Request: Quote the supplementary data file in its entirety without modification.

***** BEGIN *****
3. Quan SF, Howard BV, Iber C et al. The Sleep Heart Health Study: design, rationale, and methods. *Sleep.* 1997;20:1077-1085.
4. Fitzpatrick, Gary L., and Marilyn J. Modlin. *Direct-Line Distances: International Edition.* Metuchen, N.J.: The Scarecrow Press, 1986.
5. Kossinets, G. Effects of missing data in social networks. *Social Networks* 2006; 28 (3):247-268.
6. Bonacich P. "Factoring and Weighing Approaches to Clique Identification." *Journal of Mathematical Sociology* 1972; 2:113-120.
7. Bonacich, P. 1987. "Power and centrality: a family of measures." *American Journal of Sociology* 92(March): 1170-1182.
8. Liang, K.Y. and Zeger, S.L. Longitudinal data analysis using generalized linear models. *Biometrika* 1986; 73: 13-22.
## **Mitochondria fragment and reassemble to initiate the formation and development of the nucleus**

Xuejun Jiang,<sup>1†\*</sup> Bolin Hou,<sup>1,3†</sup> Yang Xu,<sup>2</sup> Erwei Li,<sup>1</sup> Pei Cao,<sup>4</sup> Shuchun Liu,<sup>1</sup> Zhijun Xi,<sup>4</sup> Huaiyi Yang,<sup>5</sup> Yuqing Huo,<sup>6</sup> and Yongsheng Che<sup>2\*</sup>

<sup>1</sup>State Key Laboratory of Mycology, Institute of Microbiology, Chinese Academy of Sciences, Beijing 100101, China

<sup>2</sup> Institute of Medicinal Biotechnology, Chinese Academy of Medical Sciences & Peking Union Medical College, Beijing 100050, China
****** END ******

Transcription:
3. Quan SF, Howard BV, Iber C et al. The Sleep Heart Health Study: design, rationale, and methods. *Sleep.* 1997;20:1077-1085.
4. Fitzpatrick, Gary L., and Marilyn J. Modlin. *Direct-Line Distances: International Edition.* Metuchen, N.J.: The Scarecrow Press, 1986.
5. Kossinets, G. Effects of missing data in social networks. *Social Networks* 2006; 28 (3):247-268.
6. Bonacich P. "Factoring and Weighing Approaches to Clique Identification." *Journal of Mathematical Sociology* 1972; 2:113-120.
7. Bonacich, P. 1987. "Power and centrality: a family of measures." *American Journal of Sociology* 92(March): 1170-1182.
8. Liang, K.Y. and Zeger, S.L. Longitudinal data analysis using generalized linear models. *Biometrika* 1986; 73: 13-22.
## **Mitochondria fragment and reassemble to initiate the formation and development of the nucleus**

Xuejun Jiang,<sup>1†\*</sup> Bolin Hou,<sup>1,3†</sup> Yang Xu,<sup>2</sup> Erwei Li,<sup>1</sup> Pei Cao,<sup>4</sup> Shuchun Liu,<sup>1</sup> Zhijun Xi,<sup>4</sup> Huaiyi Yang,<sup>5</sup> Yuqing Huo,<sup>6</sup> and Yongsheng Che<sup>2\*</sup>

<sup>1</sup>State Key Laboratory of Mycology, Institute of Microbiology, Chinese Academy of Sciences, Beijing 100101, China

<sup>2</sup> Institute of Medicinal Biotechnology, Chinese Academy of Medical Sciences & Peking Union Medical College, Beijing 100050, China